Mentioning how rich you are illustrates
"point is that without forums like this... I don't know how I could have succeeded to the level I did."
" ????
a non sequitur

Define how you want to move your motors how many steps per second and how you want to control the motion parameters (gcode or some other program?).

I am definitly not an expert in motion control, and unfortunately I am rather too well educated in other ways, sorry for picking holes in everything, I am a paranoid person and something about your posts makes me feel you are not being truthful or do not know what you are talking about.

I don't really care if people joke and lie, I find it quite amusing sometimes. Everyone likes to play the fool now and again, but not sure if this is a joke where it is going.

Maybe I used too many smilies?? :lol:

Seriously, if you explain your problem a little better I will try and give some more pointers, but I am not really sure what your game is.

mung
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Re: Anyone good at driving stepper motors

Fri Apr 29, 2016 9:09 pm

hootie wrote:You nailed it... I'm lazy and trolling.

That aside.... If I just used a PLC/HMI setup, I could do exactly what I want. And interestingly enough... I know exactly how to do it.

However... I like the Raspberry Pi. What I'm researching is its limitations. Not mine!
And interestingly enough... I don't think I'm the only one who would like to know more about using them with the Raspberry Pi.

But, this is obviously your forum... and I will move on.

WTF?????

My forum, I am always getting kicked out and threatened with being banned.

I thought this was YOUR forum?

mung
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Re: Anyone good at driving stepper motors

Fri Apr 29, 2016 9:14 pm

B.Goode wrote:
hootie wrote:But, this is obviously your forum... and I will move on.
No, this is not @mung's forum. You have no need to move on. You have had a potentially helpful reply from a regular contributor who may well be able to assist.
Wow thanks B goode, I almost feel like I have an ally, which also unfortunately worries me as I maybe required to support you when someone invades Poland.
:)

mung
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Re: Anyone good at driving stepper motors

Fri Apr 29, 2016 9:50 pm

joan wrote:Yes, I thought seriously.

How do the CNC people run multi-axis machines, say 3 or 4 steppers from the Pi? How do they schedule the steps?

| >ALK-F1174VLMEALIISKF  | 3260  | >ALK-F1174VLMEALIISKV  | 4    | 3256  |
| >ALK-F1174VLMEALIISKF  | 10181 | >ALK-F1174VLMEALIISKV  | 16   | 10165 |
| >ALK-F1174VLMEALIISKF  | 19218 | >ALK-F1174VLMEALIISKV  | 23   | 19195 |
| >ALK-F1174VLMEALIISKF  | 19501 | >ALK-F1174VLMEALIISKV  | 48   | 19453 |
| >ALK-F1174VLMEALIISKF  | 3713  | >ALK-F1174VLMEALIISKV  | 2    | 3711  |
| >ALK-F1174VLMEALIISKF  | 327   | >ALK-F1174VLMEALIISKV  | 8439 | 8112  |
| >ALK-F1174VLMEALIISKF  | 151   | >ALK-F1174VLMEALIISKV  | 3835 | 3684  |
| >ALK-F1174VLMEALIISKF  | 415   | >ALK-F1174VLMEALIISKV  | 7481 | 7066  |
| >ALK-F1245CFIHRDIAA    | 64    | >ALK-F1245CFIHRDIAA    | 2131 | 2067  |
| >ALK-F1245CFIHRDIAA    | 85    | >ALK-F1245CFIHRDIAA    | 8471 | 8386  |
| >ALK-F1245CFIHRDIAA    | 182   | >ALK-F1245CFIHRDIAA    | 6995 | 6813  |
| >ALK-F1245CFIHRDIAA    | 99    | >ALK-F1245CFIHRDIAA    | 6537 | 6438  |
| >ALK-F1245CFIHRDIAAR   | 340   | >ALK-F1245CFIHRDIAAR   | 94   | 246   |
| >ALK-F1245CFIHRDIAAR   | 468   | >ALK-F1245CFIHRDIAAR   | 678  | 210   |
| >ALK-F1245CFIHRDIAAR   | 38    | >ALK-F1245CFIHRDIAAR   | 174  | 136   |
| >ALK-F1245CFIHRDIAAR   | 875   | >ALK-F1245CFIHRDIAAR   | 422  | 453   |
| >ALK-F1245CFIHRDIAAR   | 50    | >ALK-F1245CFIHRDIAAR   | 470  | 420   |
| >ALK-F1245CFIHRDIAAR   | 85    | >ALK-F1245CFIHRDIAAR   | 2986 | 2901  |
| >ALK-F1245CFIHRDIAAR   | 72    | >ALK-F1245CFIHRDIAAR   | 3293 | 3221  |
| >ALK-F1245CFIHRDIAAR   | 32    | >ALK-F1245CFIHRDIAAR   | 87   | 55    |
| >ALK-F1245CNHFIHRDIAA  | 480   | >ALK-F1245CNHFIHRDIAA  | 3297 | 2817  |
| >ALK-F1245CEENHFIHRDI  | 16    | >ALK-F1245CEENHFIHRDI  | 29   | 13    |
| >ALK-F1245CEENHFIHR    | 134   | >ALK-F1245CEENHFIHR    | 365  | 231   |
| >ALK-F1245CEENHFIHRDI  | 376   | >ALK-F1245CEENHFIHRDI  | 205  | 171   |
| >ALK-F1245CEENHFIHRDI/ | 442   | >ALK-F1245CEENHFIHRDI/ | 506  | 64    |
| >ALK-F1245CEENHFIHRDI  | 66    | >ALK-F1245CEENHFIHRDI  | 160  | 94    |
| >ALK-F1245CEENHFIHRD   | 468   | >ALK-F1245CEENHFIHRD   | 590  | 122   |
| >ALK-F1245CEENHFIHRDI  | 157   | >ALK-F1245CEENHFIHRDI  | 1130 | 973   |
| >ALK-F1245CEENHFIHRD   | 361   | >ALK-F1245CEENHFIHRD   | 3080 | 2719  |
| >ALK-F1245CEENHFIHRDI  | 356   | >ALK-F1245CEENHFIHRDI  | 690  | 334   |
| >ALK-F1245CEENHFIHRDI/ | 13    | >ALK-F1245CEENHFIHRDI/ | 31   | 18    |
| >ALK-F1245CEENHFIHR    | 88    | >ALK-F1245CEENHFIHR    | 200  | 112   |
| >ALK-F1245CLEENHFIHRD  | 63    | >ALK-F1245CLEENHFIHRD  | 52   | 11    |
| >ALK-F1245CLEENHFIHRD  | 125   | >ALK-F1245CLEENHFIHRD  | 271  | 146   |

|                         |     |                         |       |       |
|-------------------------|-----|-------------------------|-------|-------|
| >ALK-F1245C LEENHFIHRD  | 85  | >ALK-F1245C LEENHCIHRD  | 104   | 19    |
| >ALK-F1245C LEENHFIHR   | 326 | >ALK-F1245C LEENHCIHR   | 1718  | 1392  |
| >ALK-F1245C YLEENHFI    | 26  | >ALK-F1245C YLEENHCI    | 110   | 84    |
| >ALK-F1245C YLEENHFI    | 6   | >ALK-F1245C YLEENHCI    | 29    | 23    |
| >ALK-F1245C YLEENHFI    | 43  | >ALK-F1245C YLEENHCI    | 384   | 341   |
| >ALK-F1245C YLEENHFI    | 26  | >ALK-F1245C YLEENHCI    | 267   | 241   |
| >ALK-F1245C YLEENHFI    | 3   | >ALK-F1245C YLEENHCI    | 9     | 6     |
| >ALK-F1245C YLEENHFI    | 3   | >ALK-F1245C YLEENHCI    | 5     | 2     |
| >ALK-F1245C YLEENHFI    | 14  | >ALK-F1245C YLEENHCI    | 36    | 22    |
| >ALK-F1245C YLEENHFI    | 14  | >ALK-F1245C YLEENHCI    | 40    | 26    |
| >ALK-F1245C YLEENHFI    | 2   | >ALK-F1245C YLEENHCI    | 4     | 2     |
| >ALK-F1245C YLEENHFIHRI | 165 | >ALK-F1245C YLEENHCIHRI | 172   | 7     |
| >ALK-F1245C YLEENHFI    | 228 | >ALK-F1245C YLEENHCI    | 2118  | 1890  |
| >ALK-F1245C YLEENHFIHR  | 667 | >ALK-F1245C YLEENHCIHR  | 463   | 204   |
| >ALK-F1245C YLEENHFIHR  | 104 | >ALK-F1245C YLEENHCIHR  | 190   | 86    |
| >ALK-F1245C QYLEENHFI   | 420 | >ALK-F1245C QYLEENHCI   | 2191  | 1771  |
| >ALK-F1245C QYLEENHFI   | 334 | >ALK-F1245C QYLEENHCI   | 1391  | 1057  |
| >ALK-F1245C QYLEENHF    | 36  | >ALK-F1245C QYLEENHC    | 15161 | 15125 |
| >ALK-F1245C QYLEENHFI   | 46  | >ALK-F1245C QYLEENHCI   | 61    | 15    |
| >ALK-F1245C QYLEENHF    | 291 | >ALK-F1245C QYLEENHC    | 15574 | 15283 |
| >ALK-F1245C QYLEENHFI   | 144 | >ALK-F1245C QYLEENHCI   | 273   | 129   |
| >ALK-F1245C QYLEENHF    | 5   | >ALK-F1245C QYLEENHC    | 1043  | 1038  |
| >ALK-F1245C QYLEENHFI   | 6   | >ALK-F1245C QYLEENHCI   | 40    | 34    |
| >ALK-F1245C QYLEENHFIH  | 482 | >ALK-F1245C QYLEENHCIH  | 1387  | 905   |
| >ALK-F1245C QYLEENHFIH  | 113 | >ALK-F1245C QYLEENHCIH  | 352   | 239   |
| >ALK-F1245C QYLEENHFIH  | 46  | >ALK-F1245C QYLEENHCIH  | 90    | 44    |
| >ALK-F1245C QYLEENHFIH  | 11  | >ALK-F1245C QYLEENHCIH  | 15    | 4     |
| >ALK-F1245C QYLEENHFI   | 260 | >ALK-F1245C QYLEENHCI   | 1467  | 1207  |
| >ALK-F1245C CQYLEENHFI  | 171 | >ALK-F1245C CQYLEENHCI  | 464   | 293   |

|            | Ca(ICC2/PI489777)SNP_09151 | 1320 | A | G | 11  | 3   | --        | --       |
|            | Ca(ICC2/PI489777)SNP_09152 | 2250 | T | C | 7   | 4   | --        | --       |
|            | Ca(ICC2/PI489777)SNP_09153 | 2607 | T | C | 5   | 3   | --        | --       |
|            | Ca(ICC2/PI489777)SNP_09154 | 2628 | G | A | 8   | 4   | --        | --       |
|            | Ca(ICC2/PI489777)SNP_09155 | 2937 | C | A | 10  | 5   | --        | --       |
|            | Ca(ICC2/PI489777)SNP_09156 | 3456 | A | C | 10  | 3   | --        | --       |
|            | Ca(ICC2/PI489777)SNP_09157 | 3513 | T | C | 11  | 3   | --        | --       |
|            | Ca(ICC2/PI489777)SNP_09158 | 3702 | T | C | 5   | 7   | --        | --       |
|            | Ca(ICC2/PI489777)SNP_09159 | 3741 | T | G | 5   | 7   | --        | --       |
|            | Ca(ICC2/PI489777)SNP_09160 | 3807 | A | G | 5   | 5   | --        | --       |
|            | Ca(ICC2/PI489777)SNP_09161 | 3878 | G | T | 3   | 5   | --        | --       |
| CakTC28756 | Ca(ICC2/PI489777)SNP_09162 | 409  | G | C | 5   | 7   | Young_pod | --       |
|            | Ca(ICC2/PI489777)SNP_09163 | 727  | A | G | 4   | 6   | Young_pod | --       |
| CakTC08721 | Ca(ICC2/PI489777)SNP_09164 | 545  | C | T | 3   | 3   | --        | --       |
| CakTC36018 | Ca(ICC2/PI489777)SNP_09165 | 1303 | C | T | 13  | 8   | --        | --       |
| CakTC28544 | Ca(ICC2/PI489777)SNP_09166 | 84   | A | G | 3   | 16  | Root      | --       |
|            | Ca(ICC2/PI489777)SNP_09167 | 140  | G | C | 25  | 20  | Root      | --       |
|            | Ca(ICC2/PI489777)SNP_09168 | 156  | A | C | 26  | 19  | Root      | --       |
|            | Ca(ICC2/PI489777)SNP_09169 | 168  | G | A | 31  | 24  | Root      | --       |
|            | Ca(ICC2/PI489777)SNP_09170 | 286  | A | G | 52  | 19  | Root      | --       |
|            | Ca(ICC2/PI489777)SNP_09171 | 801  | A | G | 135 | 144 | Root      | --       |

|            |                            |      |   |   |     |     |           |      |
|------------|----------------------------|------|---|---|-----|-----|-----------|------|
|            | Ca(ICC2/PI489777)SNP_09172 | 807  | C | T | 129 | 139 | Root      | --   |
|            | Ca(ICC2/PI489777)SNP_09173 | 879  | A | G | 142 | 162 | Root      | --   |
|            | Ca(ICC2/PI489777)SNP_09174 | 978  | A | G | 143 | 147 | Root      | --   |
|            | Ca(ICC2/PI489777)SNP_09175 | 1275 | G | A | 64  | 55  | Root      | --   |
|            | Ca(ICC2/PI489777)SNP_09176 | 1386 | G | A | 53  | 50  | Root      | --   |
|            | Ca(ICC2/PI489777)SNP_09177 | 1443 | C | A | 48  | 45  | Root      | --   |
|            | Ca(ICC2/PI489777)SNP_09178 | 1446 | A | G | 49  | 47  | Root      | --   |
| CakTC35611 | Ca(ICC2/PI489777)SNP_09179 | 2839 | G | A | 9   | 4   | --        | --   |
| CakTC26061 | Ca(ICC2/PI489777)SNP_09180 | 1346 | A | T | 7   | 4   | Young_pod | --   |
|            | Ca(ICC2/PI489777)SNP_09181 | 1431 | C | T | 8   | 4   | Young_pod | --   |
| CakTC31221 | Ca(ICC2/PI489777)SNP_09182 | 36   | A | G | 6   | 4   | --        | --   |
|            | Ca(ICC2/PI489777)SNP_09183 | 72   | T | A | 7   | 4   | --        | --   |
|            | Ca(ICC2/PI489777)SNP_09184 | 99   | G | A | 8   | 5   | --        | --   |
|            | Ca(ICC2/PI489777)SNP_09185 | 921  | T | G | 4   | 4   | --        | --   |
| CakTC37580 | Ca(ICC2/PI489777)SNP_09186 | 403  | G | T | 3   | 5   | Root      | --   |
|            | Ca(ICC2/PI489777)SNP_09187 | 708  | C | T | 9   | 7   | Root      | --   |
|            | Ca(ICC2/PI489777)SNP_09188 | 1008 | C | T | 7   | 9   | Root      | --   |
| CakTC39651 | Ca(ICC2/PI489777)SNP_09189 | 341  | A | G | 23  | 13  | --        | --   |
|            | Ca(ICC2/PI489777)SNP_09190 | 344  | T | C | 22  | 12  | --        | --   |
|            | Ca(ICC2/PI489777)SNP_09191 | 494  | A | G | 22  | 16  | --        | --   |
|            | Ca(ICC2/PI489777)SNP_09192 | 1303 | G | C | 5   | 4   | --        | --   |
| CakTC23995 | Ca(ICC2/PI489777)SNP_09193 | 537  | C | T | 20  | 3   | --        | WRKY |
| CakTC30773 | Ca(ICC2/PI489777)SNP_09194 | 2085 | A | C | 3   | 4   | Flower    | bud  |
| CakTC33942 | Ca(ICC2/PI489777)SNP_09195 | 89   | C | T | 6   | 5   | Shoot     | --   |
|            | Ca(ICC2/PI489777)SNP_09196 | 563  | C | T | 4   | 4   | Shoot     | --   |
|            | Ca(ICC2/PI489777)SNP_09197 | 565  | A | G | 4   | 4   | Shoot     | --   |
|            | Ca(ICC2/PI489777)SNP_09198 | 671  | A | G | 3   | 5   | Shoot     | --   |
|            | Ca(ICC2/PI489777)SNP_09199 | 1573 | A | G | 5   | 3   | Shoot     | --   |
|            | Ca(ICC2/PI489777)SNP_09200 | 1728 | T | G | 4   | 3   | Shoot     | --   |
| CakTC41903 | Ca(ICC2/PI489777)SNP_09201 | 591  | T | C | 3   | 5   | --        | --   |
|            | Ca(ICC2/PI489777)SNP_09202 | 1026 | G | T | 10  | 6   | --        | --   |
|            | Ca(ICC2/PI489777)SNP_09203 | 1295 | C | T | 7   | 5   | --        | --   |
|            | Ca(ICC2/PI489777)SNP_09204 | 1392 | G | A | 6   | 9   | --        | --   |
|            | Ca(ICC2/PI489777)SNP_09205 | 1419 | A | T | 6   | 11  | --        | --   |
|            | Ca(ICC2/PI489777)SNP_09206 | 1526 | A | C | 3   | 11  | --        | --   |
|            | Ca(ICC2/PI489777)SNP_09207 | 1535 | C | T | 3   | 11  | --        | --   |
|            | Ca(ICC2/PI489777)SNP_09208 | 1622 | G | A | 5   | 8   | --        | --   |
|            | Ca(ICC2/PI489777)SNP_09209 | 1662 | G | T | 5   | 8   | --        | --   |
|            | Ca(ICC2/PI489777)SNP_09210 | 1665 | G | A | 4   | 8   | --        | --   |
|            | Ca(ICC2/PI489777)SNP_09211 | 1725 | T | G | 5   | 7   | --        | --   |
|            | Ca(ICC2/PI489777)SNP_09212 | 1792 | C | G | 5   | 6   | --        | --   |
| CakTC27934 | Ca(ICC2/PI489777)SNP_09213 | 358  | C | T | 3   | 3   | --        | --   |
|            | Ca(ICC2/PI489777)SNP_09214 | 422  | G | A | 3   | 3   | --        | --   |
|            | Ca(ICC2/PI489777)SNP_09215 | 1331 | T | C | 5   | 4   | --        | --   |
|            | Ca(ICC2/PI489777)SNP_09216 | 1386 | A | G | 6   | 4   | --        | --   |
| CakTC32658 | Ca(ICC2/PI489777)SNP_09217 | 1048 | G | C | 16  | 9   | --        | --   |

I am not really sure how multi axis machines are run(I have never used any pro level equipment), but it seems if the gpio switch time is only a few ns different it does not really make much difference to a single motor step syncronisation.

i.e. step interval is 10μs calculating the next axis step takes only a couple of cpu cycles maybe 10νs so 1/100 of the step interval. In physical terms the response time of motor inertia and reactance makes that negligable.

But in the case of most situations all axis are computed and then written to the gpio register as a single word, so there is no difference in switch time on gpio pins?.

In the case of the dma driver used in linuxcnc/machinekit certain things are tuned with the realtime scheduling so that a precomputed buffer is used and very accurate pwm timing controls the gpio writing.

Timing is very important for steppers as an irregularly timed step can ruin motion(I have heard this but never done the maths properly), basically as rotors have inertia they continue spinning, if the coil is energised after the rotor has passed it will pull it backwards, at high speed this gets more important and means jitter will stall a motor.

If you are talking about the way the step generators work, that is a different matter that I could explain and involves an accumulator updated at the step interval and a pickoff value that tells when a step should occur. I doubt I could explain it very well though.

I don't really know about trajectory planning or most other aspects of linuxcnc.

Last time I tried it seemed possible to get synchronised 10 axis motion from linuxcnc with step interval (virtual base thread) of 5μs this maxes out most motors unless using stupidly high resolution microstep drivers.

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joan
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Re: Anyone good at driving stepper motors

Fri Apr 29, 2016 10:07 pm

I'm not sure what you are saying.

Is the axis scheduling performed on the Pi and are Pi GPIO being used to send pulse/dir to the stepper motor drivers?

mung
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Re: Anyone good at driving stepper motors

Fri Apr 29, 2016 10:45 pm

joan wrote:I'm not sure what you are saying.

Is the axis scheduling performed on the Pi and are Pi GPIO being used to send pulse/dir to the stepper motor drivers?
Axis scheduling??? not sure what that is?

I think I said I am not an expert in motion control, I assume you know more than me, especially about the rpi hardware.